using the arrow buttons.
by clicking on the page.
the page around when zoomed in by dragging it.
the zoom using the slider when zoomed-in.
by clicking on the zoomed-in page.
by entering text in the search field, and select "This Issue" or "All Issues"
by clicking on thumbnails to select pages, and then press the print button.
displays sections with thumbnails and descriptions.
displays a slider of thumbnails. Click on a page to jump.
allows you to browse the full archive.
about your subscription?
Lions Roar : March 2019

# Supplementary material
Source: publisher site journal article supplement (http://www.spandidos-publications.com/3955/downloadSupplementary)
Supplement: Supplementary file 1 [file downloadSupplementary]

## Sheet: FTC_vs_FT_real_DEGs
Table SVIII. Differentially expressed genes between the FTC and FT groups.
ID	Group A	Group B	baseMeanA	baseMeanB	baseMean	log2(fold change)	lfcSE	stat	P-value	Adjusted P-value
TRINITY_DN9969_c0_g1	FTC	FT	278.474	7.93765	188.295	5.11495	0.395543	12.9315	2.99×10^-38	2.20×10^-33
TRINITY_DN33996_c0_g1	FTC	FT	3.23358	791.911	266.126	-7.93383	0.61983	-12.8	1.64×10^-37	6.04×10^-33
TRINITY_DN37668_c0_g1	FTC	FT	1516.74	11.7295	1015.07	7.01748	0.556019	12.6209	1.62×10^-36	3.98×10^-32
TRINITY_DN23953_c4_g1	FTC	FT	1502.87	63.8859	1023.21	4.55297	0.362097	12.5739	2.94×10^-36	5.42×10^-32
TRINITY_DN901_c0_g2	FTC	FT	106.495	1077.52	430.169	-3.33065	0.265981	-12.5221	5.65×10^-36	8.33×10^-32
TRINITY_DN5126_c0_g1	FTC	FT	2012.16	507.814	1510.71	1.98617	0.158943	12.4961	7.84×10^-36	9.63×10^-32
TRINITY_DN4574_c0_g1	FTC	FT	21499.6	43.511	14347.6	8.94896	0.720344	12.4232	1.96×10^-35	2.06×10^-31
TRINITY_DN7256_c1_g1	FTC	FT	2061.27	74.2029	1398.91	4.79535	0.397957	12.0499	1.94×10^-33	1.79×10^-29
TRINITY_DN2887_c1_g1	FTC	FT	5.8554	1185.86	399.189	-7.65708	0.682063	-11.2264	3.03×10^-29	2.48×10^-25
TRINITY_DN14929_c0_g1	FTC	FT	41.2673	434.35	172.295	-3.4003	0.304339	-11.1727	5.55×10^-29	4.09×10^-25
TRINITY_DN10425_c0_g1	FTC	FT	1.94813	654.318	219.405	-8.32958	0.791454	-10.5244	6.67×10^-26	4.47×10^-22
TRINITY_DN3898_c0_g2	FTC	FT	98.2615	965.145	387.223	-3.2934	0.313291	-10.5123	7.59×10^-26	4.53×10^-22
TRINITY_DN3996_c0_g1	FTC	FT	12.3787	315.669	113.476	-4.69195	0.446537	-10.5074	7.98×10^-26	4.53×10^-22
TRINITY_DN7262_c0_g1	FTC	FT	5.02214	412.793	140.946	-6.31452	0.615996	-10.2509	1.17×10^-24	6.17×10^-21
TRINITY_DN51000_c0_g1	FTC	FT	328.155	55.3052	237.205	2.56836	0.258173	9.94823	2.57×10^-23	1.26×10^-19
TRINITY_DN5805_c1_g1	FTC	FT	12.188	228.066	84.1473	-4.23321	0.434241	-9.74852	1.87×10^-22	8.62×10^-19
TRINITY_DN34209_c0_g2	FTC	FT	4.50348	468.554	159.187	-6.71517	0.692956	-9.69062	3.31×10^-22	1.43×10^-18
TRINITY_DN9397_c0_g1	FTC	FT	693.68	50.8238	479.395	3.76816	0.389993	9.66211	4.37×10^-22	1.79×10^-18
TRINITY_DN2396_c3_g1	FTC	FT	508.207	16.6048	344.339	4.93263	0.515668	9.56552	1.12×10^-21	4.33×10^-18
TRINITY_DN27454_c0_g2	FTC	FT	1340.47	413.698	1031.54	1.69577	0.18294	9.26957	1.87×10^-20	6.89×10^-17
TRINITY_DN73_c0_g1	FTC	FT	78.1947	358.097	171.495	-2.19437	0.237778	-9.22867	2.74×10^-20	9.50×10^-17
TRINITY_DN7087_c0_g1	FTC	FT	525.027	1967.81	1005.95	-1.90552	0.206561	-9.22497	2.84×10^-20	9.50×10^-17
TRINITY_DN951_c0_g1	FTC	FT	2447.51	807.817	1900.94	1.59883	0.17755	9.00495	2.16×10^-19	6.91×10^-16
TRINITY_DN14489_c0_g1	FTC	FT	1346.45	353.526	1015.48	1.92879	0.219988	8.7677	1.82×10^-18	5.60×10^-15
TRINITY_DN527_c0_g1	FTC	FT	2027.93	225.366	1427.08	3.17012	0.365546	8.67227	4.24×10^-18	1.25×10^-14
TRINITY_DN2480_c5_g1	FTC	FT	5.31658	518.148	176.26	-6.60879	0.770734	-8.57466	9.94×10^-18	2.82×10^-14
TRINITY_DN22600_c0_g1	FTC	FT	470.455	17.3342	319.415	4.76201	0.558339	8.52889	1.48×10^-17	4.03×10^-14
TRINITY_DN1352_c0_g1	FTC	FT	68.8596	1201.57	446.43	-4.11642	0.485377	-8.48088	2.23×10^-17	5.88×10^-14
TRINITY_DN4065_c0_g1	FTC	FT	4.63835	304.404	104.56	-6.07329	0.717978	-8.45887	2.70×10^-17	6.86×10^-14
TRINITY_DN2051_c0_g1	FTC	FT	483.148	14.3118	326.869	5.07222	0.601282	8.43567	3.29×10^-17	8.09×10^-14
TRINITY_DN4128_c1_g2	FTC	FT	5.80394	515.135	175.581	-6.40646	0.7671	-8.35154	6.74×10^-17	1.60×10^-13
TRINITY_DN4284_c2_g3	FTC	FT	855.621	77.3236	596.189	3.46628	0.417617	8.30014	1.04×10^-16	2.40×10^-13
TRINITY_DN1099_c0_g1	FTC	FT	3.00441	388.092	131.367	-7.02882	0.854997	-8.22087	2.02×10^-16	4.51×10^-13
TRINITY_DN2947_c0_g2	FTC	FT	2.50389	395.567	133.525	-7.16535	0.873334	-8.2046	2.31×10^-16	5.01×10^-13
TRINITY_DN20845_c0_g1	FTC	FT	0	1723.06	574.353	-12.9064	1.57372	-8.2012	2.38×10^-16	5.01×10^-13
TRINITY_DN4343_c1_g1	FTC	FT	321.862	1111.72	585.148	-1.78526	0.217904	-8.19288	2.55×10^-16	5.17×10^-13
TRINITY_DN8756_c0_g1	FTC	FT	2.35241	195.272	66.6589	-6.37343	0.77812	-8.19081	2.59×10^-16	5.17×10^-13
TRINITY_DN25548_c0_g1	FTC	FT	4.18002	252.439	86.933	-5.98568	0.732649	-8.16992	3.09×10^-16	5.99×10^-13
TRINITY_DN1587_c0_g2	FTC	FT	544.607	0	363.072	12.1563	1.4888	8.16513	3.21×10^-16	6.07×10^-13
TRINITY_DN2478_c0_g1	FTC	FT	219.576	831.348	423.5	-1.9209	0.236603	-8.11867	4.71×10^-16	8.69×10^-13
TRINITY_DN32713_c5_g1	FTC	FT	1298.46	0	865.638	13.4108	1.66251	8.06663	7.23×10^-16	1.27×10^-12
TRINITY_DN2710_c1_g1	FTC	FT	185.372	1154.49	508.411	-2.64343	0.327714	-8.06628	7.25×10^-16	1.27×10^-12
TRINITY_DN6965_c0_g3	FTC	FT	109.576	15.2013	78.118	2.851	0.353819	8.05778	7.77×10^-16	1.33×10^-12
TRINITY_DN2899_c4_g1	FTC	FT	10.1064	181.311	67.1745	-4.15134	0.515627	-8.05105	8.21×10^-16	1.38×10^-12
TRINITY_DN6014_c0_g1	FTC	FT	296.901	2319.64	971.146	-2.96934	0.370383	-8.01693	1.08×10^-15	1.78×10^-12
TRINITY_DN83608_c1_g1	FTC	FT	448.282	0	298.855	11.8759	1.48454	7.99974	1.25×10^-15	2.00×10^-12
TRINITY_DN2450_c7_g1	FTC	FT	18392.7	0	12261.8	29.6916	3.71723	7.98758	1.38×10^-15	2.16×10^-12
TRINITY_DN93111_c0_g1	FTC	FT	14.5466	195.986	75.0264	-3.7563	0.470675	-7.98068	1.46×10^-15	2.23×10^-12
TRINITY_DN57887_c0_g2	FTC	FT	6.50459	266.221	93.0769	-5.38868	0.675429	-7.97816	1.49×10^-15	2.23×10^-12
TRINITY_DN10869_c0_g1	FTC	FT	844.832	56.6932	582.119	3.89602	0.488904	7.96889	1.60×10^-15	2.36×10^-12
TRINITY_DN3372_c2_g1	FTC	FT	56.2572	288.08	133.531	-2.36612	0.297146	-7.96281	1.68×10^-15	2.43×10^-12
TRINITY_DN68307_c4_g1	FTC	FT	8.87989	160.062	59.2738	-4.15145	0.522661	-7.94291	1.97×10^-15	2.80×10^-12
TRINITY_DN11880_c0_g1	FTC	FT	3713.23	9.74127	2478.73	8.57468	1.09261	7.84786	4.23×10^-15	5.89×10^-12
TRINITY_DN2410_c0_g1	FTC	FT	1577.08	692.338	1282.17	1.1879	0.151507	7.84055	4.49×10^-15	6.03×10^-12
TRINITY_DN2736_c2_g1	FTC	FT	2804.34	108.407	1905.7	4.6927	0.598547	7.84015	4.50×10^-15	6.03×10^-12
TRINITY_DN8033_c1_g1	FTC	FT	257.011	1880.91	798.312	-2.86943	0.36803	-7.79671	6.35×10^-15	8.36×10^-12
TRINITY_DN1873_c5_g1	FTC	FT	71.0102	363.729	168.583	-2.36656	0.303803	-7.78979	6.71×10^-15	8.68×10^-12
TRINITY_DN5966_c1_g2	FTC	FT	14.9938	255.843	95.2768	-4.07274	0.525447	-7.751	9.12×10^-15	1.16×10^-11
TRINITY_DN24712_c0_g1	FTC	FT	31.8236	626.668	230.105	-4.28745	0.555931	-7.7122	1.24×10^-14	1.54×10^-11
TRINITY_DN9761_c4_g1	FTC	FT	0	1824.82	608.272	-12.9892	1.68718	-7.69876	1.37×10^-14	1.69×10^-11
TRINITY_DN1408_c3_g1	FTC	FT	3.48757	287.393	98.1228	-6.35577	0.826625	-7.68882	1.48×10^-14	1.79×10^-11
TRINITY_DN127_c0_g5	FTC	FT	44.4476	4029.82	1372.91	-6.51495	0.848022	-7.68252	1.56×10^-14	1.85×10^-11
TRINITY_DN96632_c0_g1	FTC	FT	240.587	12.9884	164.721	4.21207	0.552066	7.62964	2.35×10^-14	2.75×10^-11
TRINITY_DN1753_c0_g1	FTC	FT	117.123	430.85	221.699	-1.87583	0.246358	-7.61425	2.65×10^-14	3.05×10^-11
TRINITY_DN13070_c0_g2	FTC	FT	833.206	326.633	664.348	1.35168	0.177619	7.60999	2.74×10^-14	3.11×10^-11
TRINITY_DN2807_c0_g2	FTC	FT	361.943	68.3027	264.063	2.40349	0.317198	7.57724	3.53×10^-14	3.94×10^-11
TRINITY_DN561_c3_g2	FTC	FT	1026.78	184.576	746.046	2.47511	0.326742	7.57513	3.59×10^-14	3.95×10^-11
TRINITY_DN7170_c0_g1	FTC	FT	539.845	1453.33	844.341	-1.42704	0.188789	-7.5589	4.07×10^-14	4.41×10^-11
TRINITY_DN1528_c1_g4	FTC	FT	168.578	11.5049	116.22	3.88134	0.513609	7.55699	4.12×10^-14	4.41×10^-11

“But that was an illusion,” she says. Alicia realized although she was trying to be mindful of the emotions of others, she was not allowing herself to have emotions. “I was telling myself, ‘I’m like a scientist doing an experiment.’” Alicia discovered she was using Buddhism and mind- fulness as form of spiritual bypass. “I was trying to go into this from what I thought was a spiritual perspective. Then the facade crumbled and now I’m in a real spiri- tual situation, because it’s pretty damn groundless now.” While she had been trying not to get caught up in stories of who the others were, “I got caught up in my own story of being a Buddhist.” Trying to understand the role of hope was Alicia’s real challenge. “There’s this idea that hope is suffering. Hope is pain. I want to be in love, but I don’t want to hope.” What followed these thoughts was a spectacular meltdown. “It was one of my favorite meltdowns I’ve had recently,” Alicia says. “You’re really mourning the pieces of you falling off that don’t serve you anymore.” This was Alicia’s tearful goodbye to the persona she had unknowingly layered on to protect herself. I asked our mentors to advise us about the concept of “hope”: “Hope doesn’t need to be abandoned, but it is unskillful when it takes the form of attachment,” says Melvin Escobar. “We can bring mindful attention to feelings of hope. Notice how it shows up in the body. Notice the leaning forward, the tensions that arise, the rush of feel-good hormones. Notice how it shows up in ‘either-or’ thinking: ‘This could be the one!’ or ‘This isn’t the one!’ We are practicing mindfulness when we notice these sensations of the body-heart- mind and come back with kindness to things as they are. Acting in alignment with wholesome intention, rather than with an attachment to how things will turn out, is a skillful way to practice with hope.” Yael Shy says that Bud- dhists, and everyone else, should let themselves feel hope and excitement, if that’s what’s coming up. “Just like Alicia, I used to try and squash my hope as soon as it appeared, worried that it might make me too attached to outcomes I couldn’t con- trol that would leave me hurt- ing when it all came crashing down,” she says. “‘Don’t get your hopes up’ was my man- tra. I thought this made me a good Buddhist. “The sad part of that man- tra, however, was that it never worked. My hopes somehow always still managed to get up, and if things fell apart, I always got hurt. No amount of pre-work telling myself otherwise could protect me. The only thing it did was make me anxious and miserable in the lead-up to the date. “Buddhism isn’t about abandoning our desire or excitement. It is about becoming aware of our desire, as Alicia did. Naming it. Feeling it. Opening up to it. For me, every opening to desire comes with a measure of fear. What if everything falls apart? What if I get hurt? Yes, I gently say to myself, that might happen. But it will inevitably happen if I never take the risk in the first place. Telling myself not to get my hopes up just doesn’t work. Instead, can I open up to love and hope in the face of tre- mendous risk? If my heart breaks, I can say that at least I had the joy and excitement in the lead-up.” Alicia made plans to go on her date with Mark, making a point to allow hope to be present while realizing she couldn’t plan for a particular out- come. “This is not what I thought I was signing up for,” said Alicia. “But I guess affairs of the heart do require your heart.” ♦ In our next issue, follow Alicia’s journey as she navi- gates meeting her matches face-to-face, with advice from our Buddhist relationship experts for each step. match 58% looking4u_91 37 • Tulsa, OK Message... Send Telme 11:14 PM Conversation 44% Sunday - 3:06pm How was your weekend Wednesday - 9:53pm Hey what’s up Sunday - 9:46pm Hey what’s up Monday - 10:07pm I love your smile Friday - 6:46pm How was your week ISTOCK.COM/ALPGIRAYKELEM LION’S ROAR | MARCH 2019 69